Once upon a time in 2001, there was a little ditty on the PS2 called Final Fantasy X. I remember the issue of Gamepro (I think) that featured Auron on the cover, ready for battle with sword and canteen in hand. I remember the excitement I had, having just completed Final Fantasy IX (my favorite entry in the series), and the grand expectations for what the new generation of hardware had in store. I remember popping in that disc, and after a few hours, I remember not being a fan.
I couldn’t quite put my finger on it at first. Battles were fun, even early on when options were in short supply. The combat system of Final Fantasy X may actually be its crowning achievement. Yet, despite the uniqueness of Spira, I never truly felt it was a place, but rather a cardboard background set against the narrow hallways I was running through. Furthermore, the game failed to move me to give a single damn about the whining idiot of a protagonist.
Let me put this in context: Final Fantasy IX opens in the city of Alexandria. Within minutes, the player controls Vivi, a young black mage, on his way to cash in a ticket to the latest theatrical showing in town. However, should you choose, you could easily waste an hour roaming the streets, talking to literally dozens of NPCs, and getting into all sorts of mischief. You could grab a grandmother’s life savings, find a young boy’s cat for him, and play jump rope. All the while, you quickly learn how naive, clumsy, and ultimately, innocent Vivi is as a character from his interactions.
Final Fantasy X starts you in Zanarkand, which ends up being a hallway you run down while fighting enemies (admittedly for cinematic purposes). You then end up on Besaid, which is less an island than a hallway that runs from a beach up to a temple. You can talk with some NPCs, but they’re as bland as their expressionless faces. The only thing to do is keep marching forward, with the odd treasure chest obviously placed on the side of the road. All the while, you get the pleasure of seeing flashbacks to Tidus’ childhood that play out like a bad anime. They try to tackle serious emotional issues, but fall flat and are even laughable at times. The only thing I learn about Tidus in those hours is that I didn’t like him, which isn’t a great start when he is meant to carry the story.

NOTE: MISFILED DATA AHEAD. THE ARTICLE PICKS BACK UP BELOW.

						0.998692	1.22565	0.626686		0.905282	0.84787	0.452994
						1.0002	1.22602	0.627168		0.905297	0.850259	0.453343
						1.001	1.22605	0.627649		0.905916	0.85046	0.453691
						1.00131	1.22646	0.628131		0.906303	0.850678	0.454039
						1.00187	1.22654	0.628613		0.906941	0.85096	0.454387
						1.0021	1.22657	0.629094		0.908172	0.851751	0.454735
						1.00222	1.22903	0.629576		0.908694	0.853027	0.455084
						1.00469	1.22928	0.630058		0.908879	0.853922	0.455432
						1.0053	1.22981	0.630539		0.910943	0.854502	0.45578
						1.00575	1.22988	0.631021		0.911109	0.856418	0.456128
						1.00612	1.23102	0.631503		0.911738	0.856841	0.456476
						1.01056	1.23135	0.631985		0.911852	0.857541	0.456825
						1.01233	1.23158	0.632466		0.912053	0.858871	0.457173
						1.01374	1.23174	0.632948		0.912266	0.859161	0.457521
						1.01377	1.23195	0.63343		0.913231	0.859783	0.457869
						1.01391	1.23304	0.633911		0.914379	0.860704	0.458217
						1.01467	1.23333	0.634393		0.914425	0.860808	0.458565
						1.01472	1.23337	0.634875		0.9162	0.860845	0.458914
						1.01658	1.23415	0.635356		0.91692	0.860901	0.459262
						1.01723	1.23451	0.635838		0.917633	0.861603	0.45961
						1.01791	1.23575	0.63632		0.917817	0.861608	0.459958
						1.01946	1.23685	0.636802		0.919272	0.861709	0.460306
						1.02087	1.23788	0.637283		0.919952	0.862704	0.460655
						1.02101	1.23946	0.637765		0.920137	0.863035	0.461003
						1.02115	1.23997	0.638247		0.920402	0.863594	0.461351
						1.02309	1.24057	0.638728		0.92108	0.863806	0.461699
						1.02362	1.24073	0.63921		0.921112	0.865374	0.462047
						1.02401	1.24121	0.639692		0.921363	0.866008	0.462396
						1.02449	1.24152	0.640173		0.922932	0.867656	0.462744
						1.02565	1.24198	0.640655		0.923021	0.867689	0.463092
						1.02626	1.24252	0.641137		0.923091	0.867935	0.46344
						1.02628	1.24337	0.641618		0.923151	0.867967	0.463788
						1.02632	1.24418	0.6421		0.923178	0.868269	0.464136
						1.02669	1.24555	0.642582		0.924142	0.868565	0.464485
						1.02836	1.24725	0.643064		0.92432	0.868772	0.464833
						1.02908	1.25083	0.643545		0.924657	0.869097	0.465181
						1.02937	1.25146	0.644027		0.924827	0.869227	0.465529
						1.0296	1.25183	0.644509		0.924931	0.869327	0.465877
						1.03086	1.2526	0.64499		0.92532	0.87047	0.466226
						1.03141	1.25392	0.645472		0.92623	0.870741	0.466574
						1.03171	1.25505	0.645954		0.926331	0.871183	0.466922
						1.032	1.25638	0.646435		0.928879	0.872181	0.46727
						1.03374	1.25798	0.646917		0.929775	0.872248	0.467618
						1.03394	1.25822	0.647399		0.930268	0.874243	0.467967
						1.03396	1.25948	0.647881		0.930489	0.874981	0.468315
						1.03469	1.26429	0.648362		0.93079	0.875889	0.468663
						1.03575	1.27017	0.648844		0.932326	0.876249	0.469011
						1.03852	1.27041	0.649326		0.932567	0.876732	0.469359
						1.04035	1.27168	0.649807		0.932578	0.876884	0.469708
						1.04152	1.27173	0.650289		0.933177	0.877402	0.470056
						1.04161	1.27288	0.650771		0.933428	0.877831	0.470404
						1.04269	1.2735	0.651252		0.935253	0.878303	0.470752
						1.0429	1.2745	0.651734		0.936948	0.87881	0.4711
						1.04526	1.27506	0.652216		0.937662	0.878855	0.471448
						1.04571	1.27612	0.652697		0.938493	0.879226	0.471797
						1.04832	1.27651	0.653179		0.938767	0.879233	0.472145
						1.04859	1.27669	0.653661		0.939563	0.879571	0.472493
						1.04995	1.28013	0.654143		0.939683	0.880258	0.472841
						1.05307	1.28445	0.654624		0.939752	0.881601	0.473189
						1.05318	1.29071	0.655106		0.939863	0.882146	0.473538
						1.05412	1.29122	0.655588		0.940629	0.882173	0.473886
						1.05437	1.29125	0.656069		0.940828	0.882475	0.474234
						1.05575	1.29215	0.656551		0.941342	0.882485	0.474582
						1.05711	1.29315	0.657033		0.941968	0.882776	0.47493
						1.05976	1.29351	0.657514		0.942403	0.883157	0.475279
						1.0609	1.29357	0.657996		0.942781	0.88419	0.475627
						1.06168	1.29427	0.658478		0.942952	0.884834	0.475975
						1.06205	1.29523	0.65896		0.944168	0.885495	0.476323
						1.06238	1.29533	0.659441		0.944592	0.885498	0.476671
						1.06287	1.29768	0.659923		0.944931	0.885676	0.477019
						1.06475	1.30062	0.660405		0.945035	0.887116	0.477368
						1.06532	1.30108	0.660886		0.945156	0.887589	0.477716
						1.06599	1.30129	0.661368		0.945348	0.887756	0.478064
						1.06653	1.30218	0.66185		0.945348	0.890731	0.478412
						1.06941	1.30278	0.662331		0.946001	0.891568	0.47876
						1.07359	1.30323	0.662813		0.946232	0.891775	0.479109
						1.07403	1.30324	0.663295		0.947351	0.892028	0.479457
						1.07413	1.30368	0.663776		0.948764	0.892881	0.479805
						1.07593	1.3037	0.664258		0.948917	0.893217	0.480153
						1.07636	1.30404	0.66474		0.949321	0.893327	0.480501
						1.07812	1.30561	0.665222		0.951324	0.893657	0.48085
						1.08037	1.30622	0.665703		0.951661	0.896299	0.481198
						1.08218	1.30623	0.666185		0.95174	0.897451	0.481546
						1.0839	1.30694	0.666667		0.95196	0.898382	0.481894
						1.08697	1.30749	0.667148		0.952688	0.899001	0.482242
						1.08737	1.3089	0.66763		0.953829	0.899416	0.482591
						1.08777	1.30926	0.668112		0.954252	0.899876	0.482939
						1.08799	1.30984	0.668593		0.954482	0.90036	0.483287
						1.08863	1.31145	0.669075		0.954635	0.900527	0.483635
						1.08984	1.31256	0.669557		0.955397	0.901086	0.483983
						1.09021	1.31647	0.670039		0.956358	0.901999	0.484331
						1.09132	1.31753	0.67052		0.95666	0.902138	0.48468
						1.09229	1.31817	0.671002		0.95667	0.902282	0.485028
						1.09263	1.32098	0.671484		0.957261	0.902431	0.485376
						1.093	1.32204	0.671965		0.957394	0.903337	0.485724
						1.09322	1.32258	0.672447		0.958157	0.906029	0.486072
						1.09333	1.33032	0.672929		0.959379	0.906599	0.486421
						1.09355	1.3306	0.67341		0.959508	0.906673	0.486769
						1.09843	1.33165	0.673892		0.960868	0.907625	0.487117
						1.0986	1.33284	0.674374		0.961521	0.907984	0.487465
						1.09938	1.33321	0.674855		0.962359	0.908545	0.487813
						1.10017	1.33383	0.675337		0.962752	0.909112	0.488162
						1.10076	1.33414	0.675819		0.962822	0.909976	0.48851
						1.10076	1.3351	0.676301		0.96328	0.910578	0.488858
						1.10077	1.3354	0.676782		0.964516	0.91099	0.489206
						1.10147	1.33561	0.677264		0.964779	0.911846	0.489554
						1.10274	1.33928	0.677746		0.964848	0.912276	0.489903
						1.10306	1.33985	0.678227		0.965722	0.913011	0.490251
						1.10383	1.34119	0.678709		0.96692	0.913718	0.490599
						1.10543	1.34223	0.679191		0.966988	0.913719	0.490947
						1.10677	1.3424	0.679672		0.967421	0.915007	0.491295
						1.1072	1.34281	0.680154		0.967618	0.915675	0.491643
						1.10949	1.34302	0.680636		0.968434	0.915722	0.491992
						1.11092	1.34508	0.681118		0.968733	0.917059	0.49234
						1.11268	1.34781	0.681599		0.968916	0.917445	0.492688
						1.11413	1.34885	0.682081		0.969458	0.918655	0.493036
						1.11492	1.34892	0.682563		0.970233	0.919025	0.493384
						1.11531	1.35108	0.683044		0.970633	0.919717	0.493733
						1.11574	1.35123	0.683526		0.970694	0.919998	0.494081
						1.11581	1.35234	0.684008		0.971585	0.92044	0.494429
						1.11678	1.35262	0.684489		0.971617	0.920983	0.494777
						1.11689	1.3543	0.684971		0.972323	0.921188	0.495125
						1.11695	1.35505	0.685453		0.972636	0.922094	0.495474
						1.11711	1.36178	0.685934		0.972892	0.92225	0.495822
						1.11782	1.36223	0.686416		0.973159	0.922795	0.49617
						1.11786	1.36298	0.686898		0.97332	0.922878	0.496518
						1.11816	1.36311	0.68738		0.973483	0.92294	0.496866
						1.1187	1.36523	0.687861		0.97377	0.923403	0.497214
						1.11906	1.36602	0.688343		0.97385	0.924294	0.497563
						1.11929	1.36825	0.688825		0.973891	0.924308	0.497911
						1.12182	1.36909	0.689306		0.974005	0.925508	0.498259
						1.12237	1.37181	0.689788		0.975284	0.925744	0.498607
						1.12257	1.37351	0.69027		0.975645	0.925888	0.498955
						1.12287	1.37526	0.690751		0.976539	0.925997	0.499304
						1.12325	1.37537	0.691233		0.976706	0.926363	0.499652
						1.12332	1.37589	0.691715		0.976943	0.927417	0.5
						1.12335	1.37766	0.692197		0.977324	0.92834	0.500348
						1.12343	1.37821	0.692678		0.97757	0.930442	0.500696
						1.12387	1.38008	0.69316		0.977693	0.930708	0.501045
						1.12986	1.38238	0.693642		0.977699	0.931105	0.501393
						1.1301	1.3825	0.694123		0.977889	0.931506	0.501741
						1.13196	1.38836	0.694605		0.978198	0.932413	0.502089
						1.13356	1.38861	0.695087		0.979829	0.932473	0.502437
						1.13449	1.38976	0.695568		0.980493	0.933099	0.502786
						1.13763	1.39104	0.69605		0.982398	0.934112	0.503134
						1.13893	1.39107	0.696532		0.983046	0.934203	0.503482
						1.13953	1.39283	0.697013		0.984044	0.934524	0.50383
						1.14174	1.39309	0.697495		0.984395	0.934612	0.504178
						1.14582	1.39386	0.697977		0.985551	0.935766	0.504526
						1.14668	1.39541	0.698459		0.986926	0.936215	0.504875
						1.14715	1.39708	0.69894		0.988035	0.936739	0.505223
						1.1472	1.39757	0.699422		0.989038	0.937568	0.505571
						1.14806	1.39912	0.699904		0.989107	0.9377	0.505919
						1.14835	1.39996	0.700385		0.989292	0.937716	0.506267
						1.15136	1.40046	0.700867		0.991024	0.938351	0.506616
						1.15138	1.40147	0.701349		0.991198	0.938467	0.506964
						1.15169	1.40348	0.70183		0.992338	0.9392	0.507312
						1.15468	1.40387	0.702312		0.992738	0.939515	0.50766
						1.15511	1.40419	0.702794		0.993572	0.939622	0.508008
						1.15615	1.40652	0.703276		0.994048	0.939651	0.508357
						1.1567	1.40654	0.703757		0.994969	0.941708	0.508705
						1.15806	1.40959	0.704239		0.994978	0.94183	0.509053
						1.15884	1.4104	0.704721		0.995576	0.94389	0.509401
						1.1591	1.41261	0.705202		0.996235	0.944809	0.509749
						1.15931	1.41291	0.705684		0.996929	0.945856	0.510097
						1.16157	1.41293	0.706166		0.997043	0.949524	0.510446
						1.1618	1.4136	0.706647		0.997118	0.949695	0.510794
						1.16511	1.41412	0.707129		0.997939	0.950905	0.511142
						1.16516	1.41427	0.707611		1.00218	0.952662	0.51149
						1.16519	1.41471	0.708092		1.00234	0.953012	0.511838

Needless to say, I never finished the game when it came out. I had heard from friends how crazy the narrative became. (SPOILERS) They told me that Tidus was an Aeon, to which I always said I could really care less.
Now, let’s take a leap forward in time to the present. With Final Fantasy IX announced for PC release, which hopefully means a console port in the near future, I’ve been looking to scratch that JRPG itch. It just so happens that I have a copy of the Final Fantasy X/X-2 Remaster, so I said, “Why the hell not?”
It has been fifteen years since I touched this game, but I must say, my opinion has changed greatly in the past week, as I’ve progressed farther than I ever did back when it released. I still don’t love it like I hoped I would in 2001, but I’ve come to appreciate some things more than I once did.